Same-Sex Custody Fights Challenge Biological Parenting Rights

A legal clash over gay custody rights recently reached the Mississippi Supreme Court as numerous lawsuits work their way through the nation’s judicial system.

In the Mississippi custody case, a legally married and then divorced lesbian couple are embroiled in a lawsuit that pits traditional reproductive rights against same-sex marriage. Many such cases have been rising through the appellate court ranks as fallout from the U.S. Supreme Court’s decision in the landmark Obergefell case that made same-sex marriage the law of the land.

Since the Obergefell ruling, same-sex couples relying on donor eggs, sperm, vitro fertilization and surrogacy have given birth to children under the marital umbrella. However, the long-standing state laws regarding parental rights and obligations refer primarily to biological primacy first and foremost. This application of the law has resulted in courts granting parental rights to the biological mother and father, if practical in lesbian birth cases.

Political advocates for LGBT rights have backed same-sex custody lawsuits claiming that the revised definition of marriage automatically alters the previous reproductive-based parental rights. Advocacy groups argue that same-sex couples should share equally in child custody benefits and obligations despite the lack of blood connection after a marriage has been dissolved.

In the recent Mississippi case, Christina Strickland and Kimberly Day were together for about two years before Day gave birth to a son. She was inseminated with an anonymous donor’s sperm. The couple ran into irreconcilable differences after just four years and a lower court ruled in favor of Day retaining full and sole custody as the biological mother.

At the time of the decision, the child was 6 years old and the court indicated that Strickland enjoyed no legal parental rights because she was not a blood relation to the boy. The court went on to articulate that should the anonymous sperm donor emerge, he could and would be granted parental rights. The lower court appeared to err on the side of caution by avoiding a situation that could negatively impact a child by potentially having three legal parents.

“The court finds two women cannot conceive a child together,” Rankin County Chancery Judge John Grant reportedly concluded in his ruling. “The court doesn’t find its opinion to be a discriminatory statement, but a biological fact.”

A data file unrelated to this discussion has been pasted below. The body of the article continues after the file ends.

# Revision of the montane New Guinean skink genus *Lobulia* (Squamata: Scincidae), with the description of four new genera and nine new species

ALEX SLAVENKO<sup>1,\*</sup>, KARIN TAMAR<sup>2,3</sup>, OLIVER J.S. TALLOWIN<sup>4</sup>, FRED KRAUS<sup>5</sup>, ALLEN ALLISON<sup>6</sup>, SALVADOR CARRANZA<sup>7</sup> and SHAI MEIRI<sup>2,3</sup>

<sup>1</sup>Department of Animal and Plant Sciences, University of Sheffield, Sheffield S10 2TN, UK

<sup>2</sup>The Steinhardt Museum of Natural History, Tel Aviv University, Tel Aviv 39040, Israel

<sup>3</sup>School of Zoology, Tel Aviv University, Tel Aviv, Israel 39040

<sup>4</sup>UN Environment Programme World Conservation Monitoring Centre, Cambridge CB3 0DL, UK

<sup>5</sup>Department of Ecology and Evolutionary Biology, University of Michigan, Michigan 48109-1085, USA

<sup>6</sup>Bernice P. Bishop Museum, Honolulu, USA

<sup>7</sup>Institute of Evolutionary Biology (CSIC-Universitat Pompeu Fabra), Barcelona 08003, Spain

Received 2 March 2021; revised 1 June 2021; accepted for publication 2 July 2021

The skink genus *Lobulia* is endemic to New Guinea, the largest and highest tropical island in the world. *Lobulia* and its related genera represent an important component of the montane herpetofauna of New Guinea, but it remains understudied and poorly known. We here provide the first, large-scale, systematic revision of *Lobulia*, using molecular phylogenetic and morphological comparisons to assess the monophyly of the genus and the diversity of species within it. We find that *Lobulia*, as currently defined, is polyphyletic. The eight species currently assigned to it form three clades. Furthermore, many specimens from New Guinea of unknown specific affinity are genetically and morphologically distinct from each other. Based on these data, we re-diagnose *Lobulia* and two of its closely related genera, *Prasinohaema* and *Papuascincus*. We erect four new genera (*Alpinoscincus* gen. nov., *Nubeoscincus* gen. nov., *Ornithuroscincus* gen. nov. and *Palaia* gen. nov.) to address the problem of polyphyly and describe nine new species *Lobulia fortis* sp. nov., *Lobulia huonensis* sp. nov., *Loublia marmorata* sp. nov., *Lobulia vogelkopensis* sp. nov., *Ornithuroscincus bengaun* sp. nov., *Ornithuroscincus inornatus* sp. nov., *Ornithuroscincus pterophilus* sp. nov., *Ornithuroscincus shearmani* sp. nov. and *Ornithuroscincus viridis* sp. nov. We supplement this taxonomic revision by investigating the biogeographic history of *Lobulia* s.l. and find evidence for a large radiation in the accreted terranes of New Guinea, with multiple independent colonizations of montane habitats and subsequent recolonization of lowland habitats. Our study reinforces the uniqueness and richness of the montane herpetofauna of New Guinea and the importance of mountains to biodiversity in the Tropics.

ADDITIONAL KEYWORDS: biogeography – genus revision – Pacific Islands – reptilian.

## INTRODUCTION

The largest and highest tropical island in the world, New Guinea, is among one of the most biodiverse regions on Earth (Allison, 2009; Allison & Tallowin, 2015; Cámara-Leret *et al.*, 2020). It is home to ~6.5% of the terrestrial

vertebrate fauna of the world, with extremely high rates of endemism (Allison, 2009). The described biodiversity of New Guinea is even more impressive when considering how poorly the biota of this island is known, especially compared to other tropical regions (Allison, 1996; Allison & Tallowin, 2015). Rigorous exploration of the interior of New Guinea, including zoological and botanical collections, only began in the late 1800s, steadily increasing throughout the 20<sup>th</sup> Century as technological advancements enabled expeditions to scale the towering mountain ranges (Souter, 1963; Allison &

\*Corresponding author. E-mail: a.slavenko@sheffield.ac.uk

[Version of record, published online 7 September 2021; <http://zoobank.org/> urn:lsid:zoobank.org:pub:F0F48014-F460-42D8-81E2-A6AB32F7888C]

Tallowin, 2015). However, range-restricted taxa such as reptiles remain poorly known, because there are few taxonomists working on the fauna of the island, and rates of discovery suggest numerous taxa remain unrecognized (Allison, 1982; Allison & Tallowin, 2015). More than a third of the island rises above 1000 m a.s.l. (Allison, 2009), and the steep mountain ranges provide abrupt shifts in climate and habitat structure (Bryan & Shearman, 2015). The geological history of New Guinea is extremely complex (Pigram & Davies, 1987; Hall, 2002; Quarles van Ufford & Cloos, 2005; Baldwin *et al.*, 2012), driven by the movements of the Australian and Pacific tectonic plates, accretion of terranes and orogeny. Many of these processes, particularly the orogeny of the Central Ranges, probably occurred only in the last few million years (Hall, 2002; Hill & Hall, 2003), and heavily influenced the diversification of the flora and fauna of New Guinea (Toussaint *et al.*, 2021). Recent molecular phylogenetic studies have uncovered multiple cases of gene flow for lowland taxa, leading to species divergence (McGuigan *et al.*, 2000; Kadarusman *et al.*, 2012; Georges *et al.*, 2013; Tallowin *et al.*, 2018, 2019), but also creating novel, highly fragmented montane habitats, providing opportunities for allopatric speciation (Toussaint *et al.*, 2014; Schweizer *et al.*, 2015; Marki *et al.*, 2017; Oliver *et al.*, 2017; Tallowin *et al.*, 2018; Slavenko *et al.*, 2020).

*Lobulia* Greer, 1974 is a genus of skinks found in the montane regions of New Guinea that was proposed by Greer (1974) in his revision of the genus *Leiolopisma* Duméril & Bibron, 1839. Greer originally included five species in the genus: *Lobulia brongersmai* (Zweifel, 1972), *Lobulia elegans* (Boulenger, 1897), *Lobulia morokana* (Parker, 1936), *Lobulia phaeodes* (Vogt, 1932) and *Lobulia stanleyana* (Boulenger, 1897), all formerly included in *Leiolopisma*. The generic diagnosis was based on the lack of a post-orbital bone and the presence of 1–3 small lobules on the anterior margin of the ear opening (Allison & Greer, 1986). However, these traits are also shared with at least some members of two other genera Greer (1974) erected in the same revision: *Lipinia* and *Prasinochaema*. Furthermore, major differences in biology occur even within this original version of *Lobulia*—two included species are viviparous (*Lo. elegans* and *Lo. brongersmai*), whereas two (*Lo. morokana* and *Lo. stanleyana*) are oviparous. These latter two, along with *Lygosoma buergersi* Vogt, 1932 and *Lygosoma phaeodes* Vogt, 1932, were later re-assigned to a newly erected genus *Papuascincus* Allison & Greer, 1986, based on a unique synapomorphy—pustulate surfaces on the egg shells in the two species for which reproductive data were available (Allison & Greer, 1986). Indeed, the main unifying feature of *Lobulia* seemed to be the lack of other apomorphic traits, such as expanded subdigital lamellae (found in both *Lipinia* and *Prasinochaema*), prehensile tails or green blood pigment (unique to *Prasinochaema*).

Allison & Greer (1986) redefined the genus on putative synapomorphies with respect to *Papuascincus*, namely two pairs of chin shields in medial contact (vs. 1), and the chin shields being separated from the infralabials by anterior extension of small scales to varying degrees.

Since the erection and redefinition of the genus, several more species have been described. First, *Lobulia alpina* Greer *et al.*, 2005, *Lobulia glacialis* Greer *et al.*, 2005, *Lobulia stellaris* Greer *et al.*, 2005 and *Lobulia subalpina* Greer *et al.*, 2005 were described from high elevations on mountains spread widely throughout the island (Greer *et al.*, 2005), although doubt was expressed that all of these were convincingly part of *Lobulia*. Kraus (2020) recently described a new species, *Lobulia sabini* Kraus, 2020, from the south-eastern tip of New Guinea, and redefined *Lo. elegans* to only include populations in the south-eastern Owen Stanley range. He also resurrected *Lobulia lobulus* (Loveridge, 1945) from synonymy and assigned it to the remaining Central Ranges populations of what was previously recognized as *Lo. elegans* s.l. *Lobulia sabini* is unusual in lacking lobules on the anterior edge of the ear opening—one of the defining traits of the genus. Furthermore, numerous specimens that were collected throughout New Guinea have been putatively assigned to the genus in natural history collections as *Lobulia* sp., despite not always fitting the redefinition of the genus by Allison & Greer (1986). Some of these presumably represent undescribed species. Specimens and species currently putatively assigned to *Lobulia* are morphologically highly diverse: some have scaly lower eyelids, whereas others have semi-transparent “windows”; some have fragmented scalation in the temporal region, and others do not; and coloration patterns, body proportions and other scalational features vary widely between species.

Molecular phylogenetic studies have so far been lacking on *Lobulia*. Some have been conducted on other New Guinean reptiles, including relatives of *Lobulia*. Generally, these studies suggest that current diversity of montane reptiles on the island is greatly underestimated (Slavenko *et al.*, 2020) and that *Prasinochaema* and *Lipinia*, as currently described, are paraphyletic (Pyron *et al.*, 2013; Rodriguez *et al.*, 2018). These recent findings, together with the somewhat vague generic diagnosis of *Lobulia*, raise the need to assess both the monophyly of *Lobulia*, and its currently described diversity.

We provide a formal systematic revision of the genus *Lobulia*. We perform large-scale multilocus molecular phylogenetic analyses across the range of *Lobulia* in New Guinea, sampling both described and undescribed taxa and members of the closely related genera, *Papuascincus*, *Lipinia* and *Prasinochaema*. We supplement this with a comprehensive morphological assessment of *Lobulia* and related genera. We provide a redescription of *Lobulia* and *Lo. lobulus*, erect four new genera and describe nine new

The 44-year-old Strickland appealed the court’s decision.

During oral arguments before the Mississippi Supreme Court, legal counsel for Strickland insisted that the high court confirm that she enjoyed legal parental rights based on the Obergefell decision that affirmed same-sex marriage. Her attorney attempted to draw a line between gay rights outlined by the U.S. Supreme Court and equal treatment in terms of parental rights. The lawyer went on to insist that Strickland be added to the child’s birth certificate immediately, despite the fact the hospital had previously declined this request.

“Whether you are married to the same sex or not, an anonymous sperm donor should never trump the parental rights of spouses, whether same or different sex, who plan for, provide for, care for, and love their children,” Beth Littrell, Strickland’s attorney reportedly said in a related interview.

In sharp contrast, Day’s attorney pointed out to the court that Strickland had failed to take legal action to adopt the child during the marriage. Day’s attorney argued that the ex-spouse never moved forward to terminate the anonymous sperm donor’s biological parental rights and proceed with a lawful adoption. These options were available to Strickland before the divorce petition was filed.

In a counter-argument that may resonate through other same-sex custody cases, Strickland’s lawyer claimed she enjoyed the “presumption of paternity” based on her legal marital standing at the time of the birth. That standard has been widely applied to marriages between men and women and additional paternity determinations are generally required to remove a husband from a child’s birth certificate.

“We have gone from the presumption of something that was almost always going to be true in any case to presuming something that cannot possibly be true,” Peter Sprigg, from the Family Research Council reportedly claimed. Sprigg also argued that the implications of the homosexual parenting movement are absurd.

However, rulings in several states appear to be trending toward same-sex parental rights. In Arkansas and Arizona, same-sex couples have been named the parents on birth certificates and presumptive parents. States such as Colorado, New Jersey and New York, view the same-sex couples as “caretakers” who have a lawful agreement to jointly raise children.

A ruling by the Mississippi Supreme Court has yet to be rendered. Appeals regarding same-sex parental rights are expected to reach the U.S. Supreme Court in the coming years.

~ Christian Patriot Daily